Wednesday March 26, 8:04 AM
Belgium amends law to avoid war crimes lawsuit against Bush
The Belgian parliament amended a controversial law to prevent US President George W. Bush being prosecuted for war crimes over the conflict in
The law allows Belgian courts to try suspects for war crimes, crimes against humanity and genocide, regardless of where the alleged acts took place or
the nationality of the accused.
Under the amendment -- which the Belgian Senate must approve before it takes effect -- a federal prosecutor will decide in certain cases whether to
accept a suit filed under the so-called "universal competence" law.
This was one of the "filters" that lawmakers inserted into the law to prevent plaintiffs bringing "harebrained" lawsuits.
Critics of the law, including the United States, have warned Belgium that its role as host to international institutions like NATO and the European
Union, would be threatened if a war crimes suit were filed against Bush.
"It's a serious problem," said US Secretary of State Colin Powell, after he was named last week in a lawsuit for alleged crimes during the 1991
Gulf war along with former US president George Bush and current Vice President Dick Cheney.
"For a place that is an international center they should be a little bit concerned about this," Powell said.
The lawsuit against him was filed by seven Iraqi families over the bombing of a civilian shelter in Baghdad that killed 403 people on the night of
February 12-13, 1991.
Powell served as the head of the US Joint Chiefs of Staff and Cheney as defense secretary during the 1991 Gulf war.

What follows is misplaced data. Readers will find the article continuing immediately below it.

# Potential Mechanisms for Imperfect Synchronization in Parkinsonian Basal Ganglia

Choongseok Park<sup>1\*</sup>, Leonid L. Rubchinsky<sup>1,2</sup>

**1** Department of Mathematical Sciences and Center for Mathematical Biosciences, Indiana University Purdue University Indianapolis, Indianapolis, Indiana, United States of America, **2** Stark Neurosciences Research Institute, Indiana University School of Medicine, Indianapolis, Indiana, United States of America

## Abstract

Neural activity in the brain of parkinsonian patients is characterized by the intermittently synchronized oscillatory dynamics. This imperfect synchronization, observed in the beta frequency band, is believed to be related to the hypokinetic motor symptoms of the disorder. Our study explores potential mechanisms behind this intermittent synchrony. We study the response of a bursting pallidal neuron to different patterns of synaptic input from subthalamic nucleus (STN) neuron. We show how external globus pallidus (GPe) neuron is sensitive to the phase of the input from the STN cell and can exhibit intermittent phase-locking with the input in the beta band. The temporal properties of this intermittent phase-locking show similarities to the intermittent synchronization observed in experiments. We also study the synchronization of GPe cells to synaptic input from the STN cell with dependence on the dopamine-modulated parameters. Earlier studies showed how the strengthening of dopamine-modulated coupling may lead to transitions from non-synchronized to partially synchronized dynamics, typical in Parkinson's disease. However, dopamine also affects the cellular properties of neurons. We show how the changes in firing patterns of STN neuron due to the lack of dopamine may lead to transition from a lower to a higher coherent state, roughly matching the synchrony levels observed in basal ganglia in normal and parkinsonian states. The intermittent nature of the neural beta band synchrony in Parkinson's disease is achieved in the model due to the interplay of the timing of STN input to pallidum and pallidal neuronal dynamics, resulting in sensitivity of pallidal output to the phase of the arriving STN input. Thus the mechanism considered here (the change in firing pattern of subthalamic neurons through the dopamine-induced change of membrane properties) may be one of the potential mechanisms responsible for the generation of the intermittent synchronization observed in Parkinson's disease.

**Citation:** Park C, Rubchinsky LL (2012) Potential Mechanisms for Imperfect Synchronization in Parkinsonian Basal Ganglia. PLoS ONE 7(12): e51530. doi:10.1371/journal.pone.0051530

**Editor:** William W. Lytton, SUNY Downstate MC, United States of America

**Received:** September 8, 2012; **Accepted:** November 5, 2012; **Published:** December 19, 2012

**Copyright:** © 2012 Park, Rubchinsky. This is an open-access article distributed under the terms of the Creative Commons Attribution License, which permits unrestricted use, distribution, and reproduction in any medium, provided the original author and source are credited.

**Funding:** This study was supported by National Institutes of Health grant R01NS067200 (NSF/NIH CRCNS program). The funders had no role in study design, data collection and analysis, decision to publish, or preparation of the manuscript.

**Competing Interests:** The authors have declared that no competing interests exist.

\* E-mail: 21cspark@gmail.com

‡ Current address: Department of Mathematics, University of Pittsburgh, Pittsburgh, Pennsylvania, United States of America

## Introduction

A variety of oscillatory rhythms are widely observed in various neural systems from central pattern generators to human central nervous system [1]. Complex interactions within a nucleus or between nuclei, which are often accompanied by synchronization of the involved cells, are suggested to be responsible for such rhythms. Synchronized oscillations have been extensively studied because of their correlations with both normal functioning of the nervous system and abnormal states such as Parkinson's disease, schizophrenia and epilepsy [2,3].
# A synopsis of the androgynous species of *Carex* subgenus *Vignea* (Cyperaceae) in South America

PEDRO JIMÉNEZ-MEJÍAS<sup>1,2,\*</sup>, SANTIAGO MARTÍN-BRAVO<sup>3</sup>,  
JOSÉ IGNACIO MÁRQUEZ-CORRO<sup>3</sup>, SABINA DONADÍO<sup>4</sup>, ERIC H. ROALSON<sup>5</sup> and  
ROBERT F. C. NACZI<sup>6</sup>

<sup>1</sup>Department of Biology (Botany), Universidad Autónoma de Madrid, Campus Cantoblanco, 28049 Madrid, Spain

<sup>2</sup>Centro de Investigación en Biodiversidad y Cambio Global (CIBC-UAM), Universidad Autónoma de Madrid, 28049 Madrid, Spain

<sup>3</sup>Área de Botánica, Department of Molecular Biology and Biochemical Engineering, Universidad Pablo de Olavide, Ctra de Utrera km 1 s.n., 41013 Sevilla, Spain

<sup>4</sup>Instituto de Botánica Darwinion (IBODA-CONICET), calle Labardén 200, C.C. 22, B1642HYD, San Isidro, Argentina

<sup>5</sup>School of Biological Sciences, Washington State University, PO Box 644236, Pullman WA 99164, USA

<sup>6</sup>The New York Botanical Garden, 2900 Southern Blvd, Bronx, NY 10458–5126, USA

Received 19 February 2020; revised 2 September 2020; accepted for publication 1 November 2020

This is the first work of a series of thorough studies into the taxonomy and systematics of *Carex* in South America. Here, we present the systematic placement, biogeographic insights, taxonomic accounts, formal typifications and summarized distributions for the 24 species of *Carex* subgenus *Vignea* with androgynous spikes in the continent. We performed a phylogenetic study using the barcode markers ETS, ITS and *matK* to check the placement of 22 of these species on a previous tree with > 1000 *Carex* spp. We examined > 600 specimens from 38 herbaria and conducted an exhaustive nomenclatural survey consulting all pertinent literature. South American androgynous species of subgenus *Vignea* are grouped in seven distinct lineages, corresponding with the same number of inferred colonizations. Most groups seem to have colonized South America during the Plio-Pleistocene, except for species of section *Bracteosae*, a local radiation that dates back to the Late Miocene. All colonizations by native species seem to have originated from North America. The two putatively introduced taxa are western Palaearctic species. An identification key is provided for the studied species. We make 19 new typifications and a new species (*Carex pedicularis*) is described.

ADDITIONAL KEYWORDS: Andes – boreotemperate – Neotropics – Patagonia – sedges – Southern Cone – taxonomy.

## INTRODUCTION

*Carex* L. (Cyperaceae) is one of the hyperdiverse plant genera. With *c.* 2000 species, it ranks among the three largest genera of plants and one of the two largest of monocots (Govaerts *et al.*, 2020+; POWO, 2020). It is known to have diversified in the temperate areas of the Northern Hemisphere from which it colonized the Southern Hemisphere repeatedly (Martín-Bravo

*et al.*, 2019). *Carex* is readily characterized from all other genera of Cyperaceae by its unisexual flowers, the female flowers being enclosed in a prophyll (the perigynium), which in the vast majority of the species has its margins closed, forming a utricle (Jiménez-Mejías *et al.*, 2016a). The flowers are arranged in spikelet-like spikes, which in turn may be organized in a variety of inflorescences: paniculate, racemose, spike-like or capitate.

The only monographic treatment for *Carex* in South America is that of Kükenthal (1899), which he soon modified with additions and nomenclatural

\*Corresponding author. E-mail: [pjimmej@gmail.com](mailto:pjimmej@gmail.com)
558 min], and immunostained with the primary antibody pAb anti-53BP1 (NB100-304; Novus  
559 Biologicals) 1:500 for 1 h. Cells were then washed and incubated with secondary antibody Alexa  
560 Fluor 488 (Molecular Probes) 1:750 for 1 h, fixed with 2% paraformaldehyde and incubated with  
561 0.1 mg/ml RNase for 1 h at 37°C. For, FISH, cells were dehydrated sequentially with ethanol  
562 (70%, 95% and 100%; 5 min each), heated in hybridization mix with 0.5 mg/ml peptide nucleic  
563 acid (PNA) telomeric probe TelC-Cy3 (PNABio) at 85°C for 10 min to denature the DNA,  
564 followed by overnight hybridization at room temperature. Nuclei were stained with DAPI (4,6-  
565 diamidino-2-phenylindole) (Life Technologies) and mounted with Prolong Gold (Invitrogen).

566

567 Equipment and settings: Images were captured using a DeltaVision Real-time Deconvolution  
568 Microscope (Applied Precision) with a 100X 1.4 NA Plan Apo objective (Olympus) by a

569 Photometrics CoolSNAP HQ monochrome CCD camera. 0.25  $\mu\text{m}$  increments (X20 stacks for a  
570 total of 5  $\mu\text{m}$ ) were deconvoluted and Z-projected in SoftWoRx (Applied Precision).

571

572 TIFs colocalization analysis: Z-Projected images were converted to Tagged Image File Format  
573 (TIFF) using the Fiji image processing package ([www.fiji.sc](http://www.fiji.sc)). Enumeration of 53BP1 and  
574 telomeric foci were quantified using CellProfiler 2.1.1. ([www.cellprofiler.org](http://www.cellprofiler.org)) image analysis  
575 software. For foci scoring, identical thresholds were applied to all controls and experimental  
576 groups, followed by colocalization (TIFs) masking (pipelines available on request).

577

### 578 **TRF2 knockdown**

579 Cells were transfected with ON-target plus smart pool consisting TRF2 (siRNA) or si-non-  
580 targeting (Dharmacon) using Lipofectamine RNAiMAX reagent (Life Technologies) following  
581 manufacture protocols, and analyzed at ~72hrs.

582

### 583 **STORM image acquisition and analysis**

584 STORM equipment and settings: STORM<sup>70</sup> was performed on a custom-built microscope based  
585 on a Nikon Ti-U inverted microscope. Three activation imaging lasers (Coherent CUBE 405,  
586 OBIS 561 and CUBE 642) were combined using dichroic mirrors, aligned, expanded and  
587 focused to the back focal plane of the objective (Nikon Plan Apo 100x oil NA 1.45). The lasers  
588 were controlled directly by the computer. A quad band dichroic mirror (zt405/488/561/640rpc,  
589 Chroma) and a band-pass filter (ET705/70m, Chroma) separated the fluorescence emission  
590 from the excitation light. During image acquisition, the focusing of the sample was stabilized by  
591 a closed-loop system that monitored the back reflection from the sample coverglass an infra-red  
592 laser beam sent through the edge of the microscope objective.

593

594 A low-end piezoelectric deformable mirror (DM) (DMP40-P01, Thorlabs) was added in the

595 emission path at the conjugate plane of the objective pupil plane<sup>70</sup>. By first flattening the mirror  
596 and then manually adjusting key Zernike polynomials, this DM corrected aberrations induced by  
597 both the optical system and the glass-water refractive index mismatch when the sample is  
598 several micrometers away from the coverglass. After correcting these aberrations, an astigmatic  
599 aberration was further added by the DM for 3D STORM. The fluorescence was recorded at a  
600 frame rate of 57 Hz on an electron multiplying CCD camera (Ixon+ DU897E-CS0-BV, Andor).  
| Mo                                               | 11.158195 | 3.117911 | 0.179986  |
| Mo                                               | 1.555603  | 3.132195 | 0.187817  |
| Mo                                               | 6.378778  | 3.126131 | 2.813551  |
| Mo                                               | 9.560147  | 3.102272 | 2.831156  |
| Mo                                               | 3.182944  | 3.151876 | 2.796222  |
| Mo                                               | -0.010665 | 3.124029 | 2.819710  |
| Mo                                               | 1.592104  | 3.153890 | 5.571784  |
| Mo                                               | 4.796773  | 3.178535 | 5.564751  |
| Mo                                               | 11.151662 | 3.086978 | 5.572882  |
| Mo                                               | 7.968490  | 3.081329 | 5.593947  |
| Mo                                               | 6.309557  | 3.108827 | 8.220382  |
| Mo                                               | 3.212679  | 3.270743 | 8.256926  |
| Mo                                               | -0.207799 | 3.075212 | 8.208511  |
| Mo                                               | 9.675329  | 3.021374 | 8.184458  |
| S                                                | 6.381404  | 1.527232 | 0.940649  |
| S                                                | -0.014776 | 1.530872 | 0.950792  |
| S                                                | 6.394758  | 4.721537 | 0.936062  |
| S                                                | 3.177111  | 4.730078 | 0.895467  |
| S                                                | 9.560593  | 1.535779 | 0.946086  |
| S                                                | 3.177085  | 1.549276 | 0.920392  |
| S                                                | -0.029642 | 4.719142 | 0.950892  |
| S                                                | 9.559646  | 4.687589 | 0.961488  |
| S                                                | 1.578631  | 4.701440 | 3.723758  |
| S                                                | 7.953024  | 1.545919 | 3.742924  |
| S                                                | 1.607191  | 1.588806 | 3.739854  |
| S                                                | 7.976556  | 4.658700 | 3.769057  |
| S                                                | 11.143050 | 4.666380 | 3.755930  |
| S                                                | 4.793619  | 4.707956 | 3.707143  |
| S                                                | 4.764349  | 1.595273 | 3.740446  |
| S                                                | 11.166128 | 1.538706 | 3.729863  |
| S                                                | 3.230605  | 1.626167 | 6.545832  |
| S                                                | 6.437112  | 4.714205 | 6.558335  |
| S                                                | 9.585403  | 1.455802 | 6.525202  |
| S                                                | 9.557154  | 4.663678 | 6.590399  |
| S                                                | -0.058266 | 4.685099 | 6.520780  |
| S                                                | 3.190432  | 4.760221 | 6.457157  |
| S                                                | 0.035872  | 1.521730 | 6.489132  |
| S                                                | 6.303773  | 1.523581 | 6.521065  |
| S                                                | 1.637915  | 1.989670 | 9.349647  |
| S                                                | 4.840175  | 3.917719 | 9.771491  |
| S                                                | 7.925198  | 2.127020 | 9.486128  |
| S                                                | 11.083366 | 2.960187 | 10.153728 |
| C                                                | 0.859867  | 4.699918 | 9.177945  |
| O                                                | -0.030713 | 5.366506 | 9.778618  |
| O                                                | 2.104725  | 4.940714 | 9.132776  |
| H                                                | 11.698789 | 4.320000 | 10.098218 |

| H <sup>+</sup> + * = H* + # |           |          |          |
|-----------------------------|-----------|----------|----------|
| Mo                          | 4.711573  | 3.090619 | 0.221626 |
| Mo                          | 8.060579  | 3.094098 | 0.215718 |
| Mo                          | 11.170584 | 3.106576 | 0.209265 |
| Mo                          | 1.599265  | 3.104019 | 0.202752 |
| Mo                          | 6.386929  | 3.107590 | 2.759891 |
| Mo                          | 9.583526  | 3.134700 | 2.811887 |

Some 30 current or former political leaders are facing action under the Belgian law, including Israeli Prime Minister Ariel Sharon, Palestinian leader
Yasser Arafat and Cuban President Fidel Castro.
"I expect there to be, any day, a suit against President (George W.) Bush in Belgium," Herman De Croo, speaker of Belgium's lower house of
parliament, said earlier Tuesday.
Throughout the day, Prime Minister Guy Verhofstadt had hosted intense negotiations among political leaders from his ruling "rainbow" coalition to
discuss changes to the law.
Under the amendments passed, the prosecutor will decide if a lawsuit is valid if the alleged crime did not happen in Belgium; if the alleged
perpetrator is not Belgian or is not on Belgian territory; and if the victims are not Belgian or have not resided in Belgium for at least three
If one of these conditions applies, the lawsuit goes ahead automatically.
If none of the conditions apply, the Belgian justice minister can pass on the case to the country of the accused.
The amendments will affect only cases filed after July 1, 2002 -- like the one against Bush senior -- and only those where the country of the accused
has war crimes legislation.
Fears that a war crimes lawsuit over the Iraqi conflict could be brought against the current US president have further strained relations between the
United States and Belgium, which has been a fierce critic of the war on Iraq and was at the center of an unprecedented crisis at NATO over the
conflict last month.
The changes to the law came only a week before Belgium's parliament was due to be dissolved ahead of a general election scheduled for May 18.
According to parliamentary sources, the parties in the ruling coalition were divided over how to amend the law.
Verhofstadt's Liberals, backed by Flemish-speaking Socialists, had proposed a "diplomatic filter" allowing the government to pass on any cases to
the country where the alleged crimes took place, providing it is democratic.
Francophone Socialists and Greens feared that the law would be rendered toothless if the amendments were too radical.